|6/2/2011 5:13:00 AM|
WORD OF FAITH
Ordinary, extraordinary people
BY REV. ROGER KARBANFROM A READING FOR JUNE 5, SEVENTH SUNDAY OF EASTER
'And now I am no longer in the world, but they are in the world, and I am
coming to you. Holy Father, protect them....' John 17:11
As a recent "60 Minutes" segment on Mt. Athos pointed out, Christians have an ancient tradition of monasticism - but it's not ancient enough to be traced back to Scripture.
Jesus' earliest followers presumed they'd imitate His dying and rising within the context of a community of everyday people. None of our biblical authors seems to have imagined the possibility of living one's faith in a cloistered convent or monastery.
This is the world God gave Jesus; this is also the world God gave Jesus' disciples. If it was good and painful enough for Jesus, it was also good and painful enough for them.
Luke, for instance, presumes when the Holy Spirit arrives on Pentecost that this divine force will animate a whole community of people. That's why he clicks off the names of those who will be in the upper room on that fateful morning (Acts 1:12-14).
Besides the Eleven, he mentions there also were "some women, and Mary the mother of Jesus, and his brothers."
Though we, at times, would like to manipulate the communities in which we live our faith, Luke's first Christian community included everyone who joined Jesus on His Passover pilgrimage to Jerusalem.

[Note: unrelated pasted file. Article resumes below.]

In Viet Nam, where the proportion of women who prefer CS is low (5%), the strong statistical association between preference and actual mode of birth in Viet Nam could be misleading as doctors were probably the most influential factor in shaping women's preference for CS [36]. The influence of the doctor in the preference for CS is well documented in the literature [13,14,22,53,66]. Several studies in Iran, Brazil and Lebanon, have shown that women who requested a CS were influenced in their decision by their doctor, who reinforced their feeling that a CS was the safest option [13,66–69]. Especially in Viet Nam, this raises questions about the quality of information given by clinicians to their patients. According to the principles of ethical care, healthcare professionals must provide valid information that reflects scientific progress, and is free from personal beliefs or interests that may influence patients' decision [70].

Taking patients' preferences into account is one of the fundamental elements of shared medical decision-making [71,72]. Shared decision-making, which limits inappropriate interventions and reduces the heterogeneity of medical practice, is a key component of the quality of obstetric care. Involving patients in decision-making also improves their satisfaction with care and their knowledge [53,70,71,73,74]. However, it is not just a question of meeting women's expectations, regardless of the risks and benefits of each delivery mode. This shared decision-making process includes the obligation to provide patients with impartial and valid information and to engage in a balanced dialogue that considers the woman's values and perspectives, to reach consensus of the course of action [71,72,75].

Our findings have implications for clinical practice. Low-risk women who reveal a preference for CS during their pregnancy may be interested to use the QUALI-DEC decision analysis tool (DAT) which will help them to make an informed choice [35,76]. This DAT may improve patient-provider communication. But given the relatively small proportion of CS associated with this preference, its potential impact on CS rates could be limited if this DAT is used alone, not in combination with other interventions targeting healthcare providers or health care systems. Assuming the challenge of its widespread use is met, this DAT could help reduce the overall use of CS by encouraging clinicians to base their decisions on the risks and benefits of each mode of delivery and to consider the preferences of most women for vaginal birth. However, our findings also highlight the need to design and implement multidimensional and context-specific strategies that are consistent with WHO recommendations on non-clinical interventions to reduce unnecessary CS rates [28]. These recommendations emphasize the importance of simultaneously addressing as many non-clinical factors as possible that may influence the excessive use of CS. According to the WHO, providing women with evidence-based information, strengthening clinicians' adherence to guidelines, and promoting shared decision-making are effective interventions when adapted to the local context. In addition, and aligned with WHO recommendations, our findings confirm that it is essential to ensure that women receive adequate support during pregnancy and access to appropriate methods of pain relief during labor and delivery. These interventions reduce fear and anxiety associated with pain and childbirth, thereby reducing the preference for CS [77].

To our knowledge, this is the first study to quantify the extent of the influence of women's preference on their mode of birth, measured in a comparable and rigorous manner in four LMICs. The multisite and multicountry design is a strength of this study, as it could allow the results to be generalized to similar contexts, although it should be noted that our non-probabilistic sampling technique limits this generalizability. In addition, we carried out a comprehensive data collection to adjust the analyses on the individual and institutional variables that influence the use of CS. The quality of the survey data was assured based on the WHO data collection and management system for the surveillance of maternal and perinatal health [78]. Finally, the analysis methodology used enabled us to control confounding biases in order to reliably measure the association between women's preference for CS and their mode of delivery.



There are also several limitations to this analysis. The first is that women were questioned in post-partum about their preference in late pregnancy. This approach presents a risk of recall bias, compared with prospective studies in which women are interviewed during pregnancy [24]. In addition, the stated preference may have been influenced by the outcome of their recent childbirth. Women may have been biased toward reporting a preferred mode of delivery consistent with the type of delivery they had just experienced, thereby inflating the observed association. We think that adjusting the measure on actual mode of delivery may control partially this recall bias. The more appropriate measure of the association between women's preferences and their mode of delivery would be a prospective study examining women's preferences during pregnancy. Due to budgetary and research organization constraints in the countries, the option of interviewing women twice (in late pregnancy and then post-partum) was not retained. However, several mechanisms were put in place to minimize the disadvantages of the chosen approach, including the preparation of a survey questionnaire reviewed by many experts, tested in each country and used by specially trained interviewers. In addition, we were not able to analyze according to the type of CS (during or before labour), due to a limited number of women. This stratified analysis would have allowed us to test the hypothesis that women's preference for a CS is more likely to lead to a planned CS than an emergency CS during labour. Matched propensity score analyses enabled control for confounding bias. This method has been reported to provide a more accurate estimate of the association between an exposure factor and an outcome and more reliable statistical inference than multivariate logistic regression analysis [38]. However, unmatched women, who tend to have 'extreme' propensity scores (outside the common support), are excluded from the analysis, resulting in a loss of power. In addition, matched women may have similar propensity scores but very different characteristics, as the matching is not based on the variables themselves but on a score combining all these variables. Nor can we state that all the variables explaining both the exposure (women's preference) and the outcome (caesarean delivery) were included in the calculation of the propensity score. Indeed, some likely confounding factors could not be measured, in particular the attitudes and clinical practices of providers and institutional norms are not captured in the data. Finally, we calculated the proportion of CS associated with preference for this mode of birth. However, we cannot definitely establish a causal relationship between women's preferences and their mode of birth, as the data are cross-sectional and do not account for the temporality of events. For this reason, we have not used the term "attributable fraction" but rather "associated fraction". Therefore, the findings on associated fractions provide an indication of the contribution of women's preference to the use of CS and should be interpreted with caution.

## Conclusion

This also seems to be the case with John's Last Supper community. We often visualize Jesus sitting at a table with 12 men, but no Gospel conveys this image.
John starts the meal in chapter 13 mentioning that Jesus "poured water into a basin and began to wash the disciples' feet." Scripture students know that "disciple" refers to all followers of Jesus, male and female. (Considering John has Mary present at Golgotha the next day, we presume Jesus washed His mother's feet!) So, when Jesus talks about "those who you gave me out of this world" (John:17:1-11), we should think not just of the Twelve, but of a bunch of men and women reclining around the table.
Besides Mary, John includes "his mother's sister, Mary the wife of Clopas, and Mary of Magdala." Do you think these three women ate their meal in a separate room from their husbands and male friends on the night before Jesus' crucifixion?
Again, we're dealing with an "ordinary" group of people, not one artificially created for "religious" purposes. Listen carefully to what John's Jesus intends for these special individuals: He passes on to them the same ministry the Father gave Him.
Where are they to carry out this ministry? "Now I will no longer be in the world, but they are in the world, while I am coming to you."
The "world," for John, is that place (or group) which most opposes Jesus and His ministry.
Perhaps that's why the author of I Peter (4:13-16) brings up suffering: "Let no one among you be made to suffer as a murderer, a thief, or an evildoer, or as an intriguer. But whoever is made to suffer as a Christian should not be ashamed but glorify God because of the name."
Part of Christian suffering springs from our communities. We have little choice in their makeup. Many times, as a child, I wished I could join our neighbor's family. I thought they understood and appreciated their children much more than my parents understood me.
Fortunately, we simply had to play the hand dealt us. Jesus presumed His followers would do the same: They weren't to run away from the world; they were to change the world.
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